Remaking the City

By John S. Pipkin

Paperback : 9780873956789, 409 pages, June 1984
Hardcover : 9780873956772, 409 pages, June 1984

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Table of contents

Preface
Introductory Remarks on Form, Meaning, and Practice

Part I. Cognitive Significance of Form

Introduction

1. Knowing about Environmental Knowing: The Current State of Theory and Research on Environmental Cognition
Gary T. Moore

2. Structuralism and The Uses of Cognitive Images in Urban Planning
John S. Pipkin

3. Architects and Their Symbols
Geoffrey Broadbent

4. Urban Semiotics
Mark Gottdiener

Part II. Social Significance of Form

Introduction

5. Urban Spatial Arrangements as Reflections of Social Reality
Kent P. Schwirian

6. Residential Crowding and Social Behavior
Mark Baldassare

7. Spaced Out: Human Behavior and the Built Environment
William L. Yancey

8. The Social Consequences of Spatial Structure
Mark La Gory

Part III. Urban Form: The Process of Control

Introduction

9. The Contribution of Urban Economics to City Planning and Spatial Structure
Harry W. Richardson

10. Racial Differences in Housing Consumption and Filtering
Sam Marullo

11. The Local Community as an Ecology of Games
Norton E. Long

12. Land Speculation and Urban Morphology
Charles S. Sargent Jr.

13. The Political Economy of Suburban Growth
John R. Logan and Mark Schneider

14. Politics and Planning: Suburban Case Studies
Mark Gottdiener

15. Class-Monopoly Rent, Finance Capital, and the Urban Revolution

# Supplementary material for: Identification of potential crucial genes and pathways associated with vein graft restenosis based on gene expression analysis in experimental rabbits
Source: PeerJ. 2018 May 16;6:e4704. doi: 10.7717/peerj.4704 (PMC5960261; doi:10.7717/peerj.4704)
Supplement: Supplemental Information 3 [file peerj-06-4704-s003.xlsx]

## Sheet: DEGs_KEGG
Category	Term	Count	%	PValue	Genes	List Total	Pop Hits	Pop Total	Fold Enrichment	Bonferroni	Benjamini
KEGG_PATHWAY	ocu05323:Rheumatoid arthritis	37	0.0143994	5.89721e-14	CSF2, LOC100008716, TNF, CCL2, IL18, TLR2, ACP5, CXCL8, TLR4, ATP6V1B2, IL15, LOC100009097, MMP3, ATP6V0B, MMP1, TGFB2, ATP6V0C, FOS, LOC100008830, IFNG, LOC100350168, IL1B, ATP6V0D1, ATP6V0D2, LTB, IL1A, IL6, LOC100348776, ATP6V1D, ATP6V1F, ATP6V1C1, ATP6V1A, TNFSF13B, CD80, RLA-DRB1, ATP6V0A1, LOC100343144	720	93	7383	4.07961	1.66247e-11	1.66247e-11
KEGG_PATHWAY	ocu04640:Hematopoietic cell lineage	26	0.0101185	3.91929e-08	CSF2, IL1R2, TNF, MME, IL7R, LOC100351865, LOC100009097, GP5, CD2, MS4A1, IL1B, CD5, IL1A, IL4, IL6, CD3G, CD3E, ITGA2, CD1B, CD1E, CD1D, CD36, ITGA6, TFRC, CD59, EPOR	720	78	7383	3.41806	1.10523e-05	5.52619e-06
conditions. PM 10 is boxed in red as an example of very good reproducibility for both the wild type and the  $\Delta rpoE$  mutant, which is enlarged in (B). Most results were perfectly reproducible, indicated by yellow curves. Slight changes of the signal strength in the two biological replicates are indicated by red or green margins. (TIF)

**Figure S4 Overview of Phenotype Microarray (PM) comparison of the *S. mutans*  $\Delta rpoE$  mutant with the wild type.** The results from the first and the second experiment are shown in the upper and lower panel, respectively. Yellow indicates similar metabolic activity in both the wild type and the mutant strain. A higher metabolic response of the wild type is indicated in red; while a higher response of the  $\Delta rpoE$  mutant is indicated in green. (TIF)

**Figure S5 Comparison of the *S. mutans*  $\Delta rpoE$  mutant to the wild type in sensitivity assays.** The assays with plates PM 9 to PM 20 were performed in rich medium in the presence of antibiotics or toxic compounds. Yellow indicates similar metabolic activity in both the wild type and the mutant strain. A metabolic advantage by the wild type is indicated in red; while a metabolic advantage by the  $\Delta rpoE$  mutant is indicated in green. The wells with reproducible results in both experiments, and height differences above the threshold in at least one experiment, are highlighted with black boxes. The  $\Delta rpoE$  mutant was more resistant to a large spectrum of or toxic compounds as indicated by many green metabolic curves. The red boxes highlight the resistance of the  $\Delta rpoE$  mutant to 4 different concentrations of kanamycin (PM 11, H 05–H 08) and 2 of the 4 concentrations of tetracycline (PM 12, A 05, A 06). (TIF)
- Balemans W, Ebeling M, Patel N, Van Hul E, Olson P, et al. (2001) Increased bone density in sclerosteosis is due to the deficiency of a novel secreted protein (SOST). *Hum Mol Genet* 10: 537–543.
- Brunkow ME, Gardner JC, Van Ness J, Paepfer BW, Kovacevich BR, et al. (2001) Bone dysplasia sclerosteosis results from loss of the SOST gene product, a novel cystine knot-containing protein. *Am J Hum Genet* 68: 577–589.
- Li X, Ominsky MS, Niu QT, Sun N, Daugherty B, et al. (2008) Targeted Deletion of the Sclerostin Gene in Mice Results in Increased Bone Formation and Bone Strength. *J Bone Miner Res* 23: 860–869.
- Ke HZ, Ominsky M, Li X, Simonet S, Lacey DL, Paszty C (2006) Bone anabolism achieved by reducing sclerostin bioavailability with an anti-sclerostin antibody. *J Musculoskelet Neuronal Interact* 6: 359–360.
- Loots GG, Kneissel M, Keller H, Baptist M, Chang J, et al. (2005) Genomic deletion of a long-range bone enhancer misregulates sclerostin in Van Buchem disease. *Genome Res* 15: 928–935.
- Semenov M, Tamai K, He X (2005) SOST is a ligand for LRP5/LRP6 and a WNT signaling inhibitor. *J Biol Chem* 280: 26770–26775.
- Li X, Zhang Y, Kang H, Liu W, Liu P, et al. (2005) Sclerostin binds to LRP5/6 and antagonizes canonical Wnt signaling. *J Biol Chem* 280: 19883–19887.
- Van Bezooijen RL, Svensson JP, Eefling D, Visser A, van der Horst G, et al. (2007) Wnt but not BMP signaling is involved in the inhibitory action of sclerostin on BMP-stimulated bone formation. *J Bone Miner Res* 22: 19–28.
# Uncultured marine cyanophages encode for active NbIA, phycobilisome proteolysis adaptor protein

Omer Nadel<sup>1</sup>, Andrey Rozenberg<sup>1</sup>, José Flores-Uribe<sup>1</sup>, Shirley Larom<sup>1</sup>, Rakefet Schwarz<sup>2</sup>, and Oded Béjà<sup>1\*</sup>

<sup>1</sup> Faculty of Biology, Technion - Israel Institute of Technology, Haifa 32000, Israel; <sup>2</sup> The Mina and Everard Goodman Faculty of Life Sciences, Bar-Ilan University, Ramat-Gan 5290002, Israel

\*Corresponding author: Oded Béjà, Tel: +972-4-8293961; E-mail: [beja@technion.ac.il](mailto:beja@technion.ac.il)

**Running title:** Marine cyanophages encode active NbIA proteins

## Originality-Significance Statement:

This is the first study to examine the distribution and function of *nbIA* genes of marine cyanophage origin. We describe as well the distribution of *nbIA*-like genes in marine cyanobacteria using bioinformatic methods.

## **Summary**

David Harvey

16. Dialectics in Cement: Rational Planning in a Nonrational System
George W. Carey and Martin A. Bierbaum

Notes on Contributors

Index

Description

This book pulls together a variety of perspectives on urban form and urban design. It contains invited contributions by well-known architects, economists, geographers, sociologists, and planners, fostering a much-needed dialogue between practitioners and theorists of urban planning. The contributions provide inclusive reviews of the state-of-the-art in various fields, as well as develop original and sometimes controversial new ideas. As a whole, they cut across some of the key conceptual lines of demarcation in urban research: The distinct concerns of architects, planners, social scientists and practitioners are probed; cognitive and semiotic perspectives on urban form are contrasted; and the merits of individualistic versus structural explanation are discussed.

John S. Pipkin is associate professor of geography at the State University of New York at Albany.